Last month’s newsletter mentioned the installation of experimental water bars on some of the roads around the Kerr Ranch. Despite the sound of it, these are not swank joints where thirsty loggers and ranch hands…
A floating fence and rock ramps allow cattle to access the pond to drink, yet keep them from wading into the water. This helps prevent soil erosion, extends the life of the pond, improves water quality, and enhances wildlife benefits.
Riparian area management and rotational grazing systems work together to protect and enhance water quality, soil, and wildlife habitat. The Kerr Center has developed several working demonstrations to show producers how these techniques work in the field.
A riparian area is the vegetated area adjacent to a stream or other body of water. Riparian area ecosystems are often threatened because of their attractive location. Riparian bottomland forests are often prime farmland that has been cleared for crop land or pasture, while some riparian areas are considered prime real estate by developers. Channelization of streams has also reduced the effectiveness of many riparian areas.
What are the benefits of a riparian area? Riparian areas help reduce floods, stabilize streambanks, control and reduce the effects of nonpoint source pollution, and provide food and shelter for wildlife.
One of the most important aspects of a riparian area is the benefit to wildlife. Not only do riparian areas provide food and shelter, but act as travel corridors between increasingly segmented habitats.
Nonpoint source pollution can include pesticides, fertilizers, and sediment from the surrounding watershed. Sediment loads can interfere with fish feeding and reproduction in the stream, as well as clog channels, increasing the erosion of streambanks. Recently, the Natural Resource Conservation Service (NRCS) has been emphasizing restoring and protecting riparian areas.
One controversy surrounding riparian area management is whether or not to exclude livestock. Before fencing a riparian area, several things must be considered. Often the riparian stream is the water source for livestock. If livestock production is the goal, then developing other watering points is important.
The Kerr Center is developing several riparian area demonstrations on its Stewardship Ranch. Cattle have been fenced out of some riparian areas for eight years and others for one to three years. Several riparian areas will not be fenced.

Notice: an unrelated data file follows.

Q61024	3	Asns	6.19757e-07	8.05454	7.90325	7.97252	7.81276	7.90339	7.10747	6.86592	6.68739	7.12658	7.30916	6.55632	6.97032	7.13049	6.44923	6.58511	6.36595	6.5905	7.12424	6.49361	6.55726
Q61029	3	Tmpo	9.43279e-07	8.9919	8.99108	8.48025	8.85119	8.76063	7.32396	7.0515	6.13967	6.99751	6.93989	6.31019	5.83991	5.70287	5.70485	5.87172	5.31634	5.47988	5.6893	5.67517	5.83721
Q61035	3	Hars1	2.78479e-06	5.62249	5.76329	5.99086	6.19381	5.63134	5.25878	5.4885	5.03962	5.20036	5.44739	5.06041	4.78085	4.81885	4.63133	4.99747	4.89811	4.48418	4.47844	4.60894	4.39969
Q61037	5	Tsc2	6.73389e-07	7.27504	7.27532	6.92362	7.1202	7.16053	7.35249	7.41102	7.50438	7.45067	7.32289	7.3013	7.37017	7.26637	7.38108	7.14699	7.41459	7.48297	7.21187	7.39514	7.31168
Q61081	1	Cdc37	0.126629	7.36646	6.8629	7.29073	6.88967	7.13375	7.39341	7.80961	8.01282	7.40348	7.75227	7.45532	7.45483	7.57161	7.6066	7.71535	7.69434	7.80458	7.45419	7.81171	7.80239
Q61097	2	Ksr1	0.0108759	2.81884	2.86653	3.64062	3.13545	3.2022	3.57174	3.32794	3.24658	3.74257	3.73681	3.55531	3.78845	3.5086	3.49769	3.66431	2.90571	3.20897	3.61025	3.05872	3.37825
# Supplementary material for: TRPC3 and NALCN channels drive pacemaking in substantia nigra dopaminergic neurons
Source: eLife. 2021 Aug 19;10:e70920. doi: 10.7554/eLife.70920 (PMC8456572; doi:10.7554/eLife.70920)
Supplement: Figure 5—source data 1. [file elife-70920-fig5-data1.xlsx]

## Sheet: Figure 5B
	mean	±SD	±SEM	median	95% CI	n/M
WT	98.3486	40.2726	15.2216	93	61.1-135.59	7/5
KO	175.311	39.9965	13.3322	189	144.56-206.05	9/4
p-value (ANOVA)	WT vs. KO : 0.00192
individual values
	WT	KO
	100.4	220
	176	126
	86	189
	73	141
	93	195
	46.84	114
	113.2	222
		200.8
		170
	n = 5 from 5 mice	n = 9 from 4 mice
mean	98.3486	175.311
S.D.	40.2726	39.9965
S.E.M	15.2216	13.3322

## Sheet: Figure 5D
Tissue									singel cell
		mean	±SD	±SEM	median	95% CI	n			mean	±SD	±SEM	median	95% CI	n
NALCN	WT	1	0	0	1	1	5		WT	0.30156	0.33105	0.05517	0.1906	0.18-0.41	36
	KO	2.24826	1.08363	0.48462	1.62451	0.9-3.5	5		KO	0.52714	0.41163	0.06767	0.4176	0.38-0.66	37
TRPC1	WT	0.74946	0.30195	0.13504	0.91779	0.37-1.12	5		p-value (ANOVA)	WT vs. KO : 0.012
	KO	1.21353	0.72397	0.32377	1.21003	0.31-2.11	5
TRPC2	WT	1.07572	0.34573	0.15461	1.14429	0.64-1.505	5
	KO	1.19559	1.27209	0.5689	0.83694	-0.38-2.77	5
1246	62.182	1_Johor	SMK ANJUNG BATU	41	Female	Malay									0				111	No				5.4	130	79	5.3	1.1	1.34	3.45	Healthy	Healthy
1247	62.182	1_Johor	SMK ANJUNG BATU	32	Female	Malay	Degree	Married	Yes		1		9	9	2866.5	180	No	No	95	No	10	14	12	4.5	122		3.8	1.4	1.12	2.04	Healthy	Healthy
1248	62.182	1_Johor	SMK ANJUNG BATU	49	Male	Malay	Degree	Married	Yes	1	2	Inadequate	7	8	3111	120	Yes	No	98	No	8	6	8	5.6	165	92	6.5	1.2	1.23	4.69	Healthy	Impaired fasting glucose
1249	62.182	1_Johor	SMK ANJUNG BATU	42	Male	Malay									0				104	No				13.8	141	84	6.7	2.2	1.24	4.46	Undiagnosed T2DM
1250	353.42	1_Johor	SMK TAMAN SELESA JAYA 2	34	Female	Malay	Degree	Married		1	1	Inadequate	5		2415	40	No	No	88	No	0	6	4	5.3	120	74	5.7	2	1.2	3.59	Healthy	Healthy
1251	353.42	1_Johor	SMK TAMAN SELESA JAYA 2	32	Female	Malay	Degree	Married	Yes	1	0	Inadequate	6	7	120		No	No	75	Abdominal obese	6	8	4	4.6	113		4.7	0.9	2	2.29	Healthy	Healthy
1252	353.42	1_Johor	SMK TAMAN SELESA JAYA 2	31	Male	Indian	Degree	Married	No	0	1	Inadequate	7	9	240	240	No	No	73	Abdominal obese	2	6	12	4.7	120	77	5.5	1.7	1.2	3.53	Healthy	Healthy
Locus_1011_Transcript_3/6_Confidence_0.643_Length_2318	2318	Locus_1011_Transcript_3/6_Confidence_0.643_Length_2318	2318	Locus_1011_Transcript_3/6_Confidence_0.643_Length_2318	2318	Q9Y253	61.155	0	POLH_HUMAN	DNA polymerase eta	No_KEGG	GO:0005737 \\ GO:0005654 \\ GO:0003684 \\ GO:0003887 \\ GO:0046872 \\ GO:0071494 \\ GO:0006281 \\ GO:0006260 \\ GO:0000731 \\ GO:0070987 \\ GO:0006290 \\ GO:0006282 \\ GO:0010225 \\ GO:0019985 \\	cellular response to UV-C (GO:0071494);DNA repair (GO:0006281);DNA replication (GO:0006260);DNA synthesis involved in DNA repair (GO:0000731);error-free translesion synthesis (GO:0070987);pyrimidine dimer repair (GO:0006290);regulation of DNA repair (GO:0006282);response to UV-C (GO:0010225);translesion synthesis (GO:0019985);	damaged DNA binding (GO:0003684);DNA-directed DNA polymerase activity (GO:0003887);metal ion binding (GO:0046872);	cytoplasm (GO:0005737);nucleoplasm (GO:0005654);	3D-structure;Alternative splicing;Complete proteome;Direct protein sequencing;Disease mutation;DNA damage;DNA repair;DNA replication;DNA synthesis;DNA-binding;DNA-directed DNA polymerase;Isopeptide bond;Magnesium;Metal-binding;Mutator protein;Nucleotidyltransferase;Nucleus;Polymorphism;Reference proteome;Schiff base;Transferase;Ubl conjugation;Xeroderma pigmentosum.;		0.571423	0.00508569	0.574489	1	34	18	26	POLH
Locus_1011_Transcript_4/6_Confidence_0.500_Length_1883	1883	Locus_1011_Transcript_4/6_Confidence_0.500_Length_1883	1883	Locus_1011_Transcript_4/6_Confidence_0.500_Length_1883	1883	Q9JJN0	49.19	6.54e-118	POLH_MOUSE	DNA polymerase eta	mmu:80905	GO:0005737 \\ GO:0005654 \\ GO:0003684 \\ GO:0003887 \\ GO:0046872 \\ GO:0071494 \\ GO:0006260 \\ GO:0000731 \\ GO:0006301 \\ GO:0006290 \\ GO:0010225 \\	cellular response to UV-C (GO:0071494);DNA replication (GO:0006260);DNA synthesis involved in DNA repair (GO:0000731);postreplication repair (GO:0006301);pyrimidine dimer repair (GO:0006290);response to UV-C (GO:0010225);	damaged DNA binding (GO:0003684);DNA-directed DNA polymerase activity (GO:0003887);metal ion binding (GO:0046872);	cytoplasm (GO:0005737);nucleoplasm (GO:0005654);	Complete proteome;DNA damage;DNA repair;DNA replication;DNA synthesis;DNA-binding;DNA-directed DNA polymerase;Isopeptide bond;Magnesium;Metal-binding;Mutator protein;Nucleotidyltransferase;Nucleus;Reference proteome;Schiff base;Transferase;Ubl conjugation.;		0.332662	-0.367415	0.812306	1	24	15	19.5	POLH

The Kerr Center Ranch practices rotational grazing as opposed to continuous grazing. By allowing access to some riparian areas and excluding livestock from others, we will be able to show visitors the differences between areas where livestock is fenced out and areas that are part of rotationally grazed pastures. Trees are being planted in fenced areas to enhance the wildlife habitat benefits.
In 1998, Kerr Center fenced off a section of a stream running across its “nurse cow” pasture, establishing a buffer strip along this riparian area. The changes in vegetation have been dramatic.
Photo monitoring is being used to record changes in the riparian areas. Photo monitoring is an excellent way to monitor gradual changes in habitat that occur over long periods of time. To photo monitor a practice, select on area from which the photo will be taken, identify key features such as a utility pole, tree, or other landmark, and record the spot in a file. Return at the same time each year to take a photograph.
Public benefits include enhanced natural resources that help sustain agricultural productivity and environmental quality while supporting continued economic development, recreation, and scenic beauty.
NRCS offers many stewardship programs for landowners, some of which offer grants. Programs include: the Conservation Reserve Program (CRP), the Environmental Quality Incentives Program (EQIP), the Wildlife Habitat Incentives Program (WHIP), the Conservation Security Program, Watershed Protection and Flood Prevention Program, the Grasslands Reserve Program, the Healthy Forests Reserve Program and the Wetlands Reserve Program. Complete information on these and others is available at www.nrcs.usda.gov/wps/portal/nrcs/main/ok/programs/